Community Research and Development Information Service - CORDIS

Humanised biomaterials

A French company developed a new type of implant, suitable for replacement or repair of human tissues such as bones and cartilages. The colonisation of porous biomaterials with autologous cells provides the implants with unique characteristics in terms of biocompatility, duration and adaptation to the patient.
Humanised biomaterials
Implants have been widely used in order to support or replace defected human tissues such as bones and cartilages. A large variety of processes and a huge number of materials are used in order for biocompatibility to be achieved. The implants that are currently available provide a good degree of biocompatiliby and/or promote tissue regeneration. However, there is always the risk of rejection and/or infection and additionally many of these implants need to be replaced after a period of ten to fifteen years.

A French company invented a pioneering way of producing biocompatible materials that incorporate monocytes derived cells or macrophages from the patients (autologous) by using advanced biotechnology techniques. According to this process, the autologous cells relevant to the tissue under replacement or repair undergo special treatment and then colonise porous biocompatible materials.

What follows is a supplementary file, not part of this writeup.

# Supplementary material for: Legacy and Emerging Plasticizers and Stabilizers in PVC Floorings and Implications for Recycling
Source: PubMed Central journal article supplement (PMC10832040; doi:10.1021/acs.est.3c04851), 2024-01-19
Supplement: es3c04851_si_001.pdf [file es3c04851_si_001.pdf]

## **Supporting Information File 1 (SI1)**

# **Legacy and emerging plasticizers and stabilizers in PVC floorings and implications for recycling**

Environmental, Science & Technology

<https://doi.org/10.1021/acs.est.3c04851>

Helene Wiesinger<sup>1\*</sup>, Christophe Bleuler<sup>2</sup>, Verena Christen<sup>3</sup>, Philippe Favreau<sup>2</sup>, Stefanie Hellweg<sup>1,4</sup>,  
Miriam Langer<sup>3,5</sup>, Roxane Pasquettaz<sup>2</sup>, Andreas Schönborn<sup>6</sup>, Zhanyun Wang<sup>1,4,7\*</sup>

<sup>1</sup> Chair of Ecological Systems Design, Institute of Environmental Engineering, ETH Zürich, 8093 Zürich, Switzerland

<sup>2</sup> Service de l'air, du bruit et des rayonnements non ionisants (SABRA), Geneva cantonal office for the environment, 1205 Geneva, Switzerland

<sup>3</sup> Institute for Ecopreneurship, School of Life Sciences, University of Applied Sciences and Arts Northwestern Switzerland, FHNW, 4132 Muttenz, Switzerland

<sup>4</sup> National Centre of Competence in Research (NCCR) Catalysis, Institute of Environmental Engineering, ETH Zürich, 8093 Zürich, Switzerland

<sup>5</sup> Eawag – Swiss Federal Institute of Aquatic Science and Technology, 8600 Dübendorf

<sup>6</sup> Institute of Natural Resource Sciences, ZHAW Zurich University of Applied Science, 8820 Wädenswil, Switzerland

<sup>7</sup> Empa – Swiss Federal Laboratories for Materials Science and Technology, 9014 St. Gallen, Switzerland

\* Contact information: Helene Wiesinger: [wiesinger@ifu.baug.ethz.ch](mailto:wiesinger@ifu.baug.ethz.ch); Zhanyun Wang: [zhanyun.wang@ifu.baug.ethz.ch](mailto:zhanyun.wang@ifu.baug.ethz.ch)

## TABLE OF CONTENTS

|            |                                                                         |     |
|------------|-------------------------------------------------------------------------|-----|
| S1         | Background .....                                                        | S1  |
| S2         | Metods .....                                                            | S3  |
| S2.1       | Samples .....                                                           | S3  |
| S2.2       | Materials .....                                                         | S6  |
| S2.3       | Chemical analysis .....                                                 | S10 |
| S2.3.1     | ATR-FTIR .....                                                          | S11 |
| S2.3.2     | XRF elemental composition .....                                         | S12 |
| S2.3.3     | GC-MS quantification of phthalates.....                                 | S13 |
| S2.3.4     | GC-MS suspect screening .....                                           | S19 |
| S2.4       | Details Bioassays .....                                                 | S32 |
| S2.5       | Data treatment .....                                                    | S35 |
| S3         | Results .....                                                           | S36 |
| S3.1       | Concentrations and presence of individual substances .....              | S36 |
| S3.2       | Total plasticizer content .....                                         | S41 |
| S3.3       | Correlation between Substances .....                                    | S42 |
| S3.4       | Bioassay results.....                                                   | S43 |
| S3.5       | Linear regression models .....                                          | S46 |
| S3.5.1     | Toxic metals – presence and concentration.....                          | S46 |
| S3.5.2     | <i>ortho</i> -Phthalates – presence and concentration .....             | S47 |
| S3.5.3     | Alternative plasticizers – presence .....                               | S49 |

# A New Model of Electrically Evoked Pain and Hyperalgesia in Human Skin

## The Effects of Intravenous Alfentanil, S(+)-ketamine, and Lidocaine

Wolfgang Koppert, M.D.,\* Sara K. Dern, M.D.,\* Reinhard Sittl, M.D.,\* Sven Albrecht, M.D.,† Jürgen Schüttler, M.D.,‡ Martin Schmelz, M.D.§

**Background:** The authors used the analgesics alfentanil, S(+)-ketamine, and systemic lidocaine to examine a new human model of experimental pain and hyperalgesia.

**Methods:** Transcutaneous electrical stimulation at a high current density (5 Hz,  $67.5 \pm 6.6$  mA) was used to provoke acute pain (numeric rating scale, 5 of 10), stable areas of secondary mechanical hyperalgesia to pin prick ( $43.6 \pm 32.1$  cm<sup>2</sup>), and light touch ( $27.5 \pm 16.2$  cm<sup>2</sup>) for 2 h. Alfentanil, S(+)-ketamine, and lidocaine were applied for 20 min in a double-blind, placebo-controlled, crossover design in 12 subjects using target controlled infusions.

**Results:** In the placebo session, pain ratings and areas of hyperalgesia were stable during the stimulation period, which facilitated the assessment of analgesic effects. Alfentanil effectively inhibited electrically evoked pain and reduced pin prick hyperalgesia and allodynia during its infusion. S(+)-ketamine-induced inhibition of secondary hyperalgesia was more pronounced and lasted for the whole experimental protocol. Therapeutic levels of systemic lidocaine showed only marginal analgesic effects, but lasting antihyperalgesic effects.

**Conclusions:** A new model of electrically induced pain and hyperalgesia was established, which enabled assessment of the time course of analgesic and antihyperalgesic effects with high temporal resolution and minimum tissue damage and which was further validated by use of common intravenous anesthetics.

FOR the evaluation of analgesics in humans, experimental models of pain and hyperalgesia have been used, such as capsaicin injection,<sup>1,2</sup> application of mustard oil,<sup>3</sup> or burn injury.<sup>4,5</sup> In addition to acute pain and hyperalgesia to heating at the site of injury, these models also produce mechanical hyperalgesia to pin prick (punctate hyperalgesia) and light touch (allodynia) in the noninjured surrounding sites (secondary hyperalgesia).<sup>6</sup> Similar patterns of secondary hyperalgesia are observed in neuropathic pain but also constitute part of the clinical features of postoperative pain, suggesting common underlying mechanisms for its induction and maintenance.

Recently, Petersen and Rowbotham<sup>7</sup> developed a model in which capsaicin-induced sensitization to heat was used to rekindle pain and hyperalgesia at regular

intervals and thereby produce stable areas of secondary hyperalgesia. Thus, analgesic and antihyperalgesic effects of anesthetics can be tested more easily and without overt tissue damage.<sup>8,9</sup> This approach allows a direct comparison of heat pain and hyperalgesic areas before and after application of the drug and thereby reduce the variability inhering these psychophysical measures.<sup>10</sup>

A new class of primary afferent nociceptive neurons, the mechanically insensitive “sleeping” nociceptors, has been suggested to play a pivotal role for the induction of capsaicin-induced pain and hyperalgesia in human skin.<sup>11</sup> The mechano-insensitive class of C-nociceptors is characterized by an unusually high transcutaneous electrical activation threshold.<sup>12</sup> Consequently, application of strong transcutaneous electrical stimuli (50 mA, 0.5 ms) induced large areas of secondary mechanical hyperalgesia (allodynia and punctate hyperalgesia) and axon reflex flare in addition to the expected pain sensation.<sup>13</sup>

The resulting implants comprise three very important characteristics. Firstly, they allow better physiological interaction between the prostheses and the host cell body. Secondly, the lifespan of the prostheses is expanded. Finally, due to the growth factors that are secreted, they allow the growth and renewal of the surrounding cells and tissues as well as neovascularisation and reconstituting of blood microcapillaries around the grafted biomaterial. The ultimate result is humanised biocompatible implants that are custom made for each individual patient.

The unique characteristics of these implants in terms of biocompatility, duration and adaptation to the patient, make them suitable to meet the needs of orthopaedic, dental, maxillofacial and other surgical fields creating improved medical results.

Related information

Record Number: 80939 / Last updated on: 2005-09-18
Domain: Biology, Medicine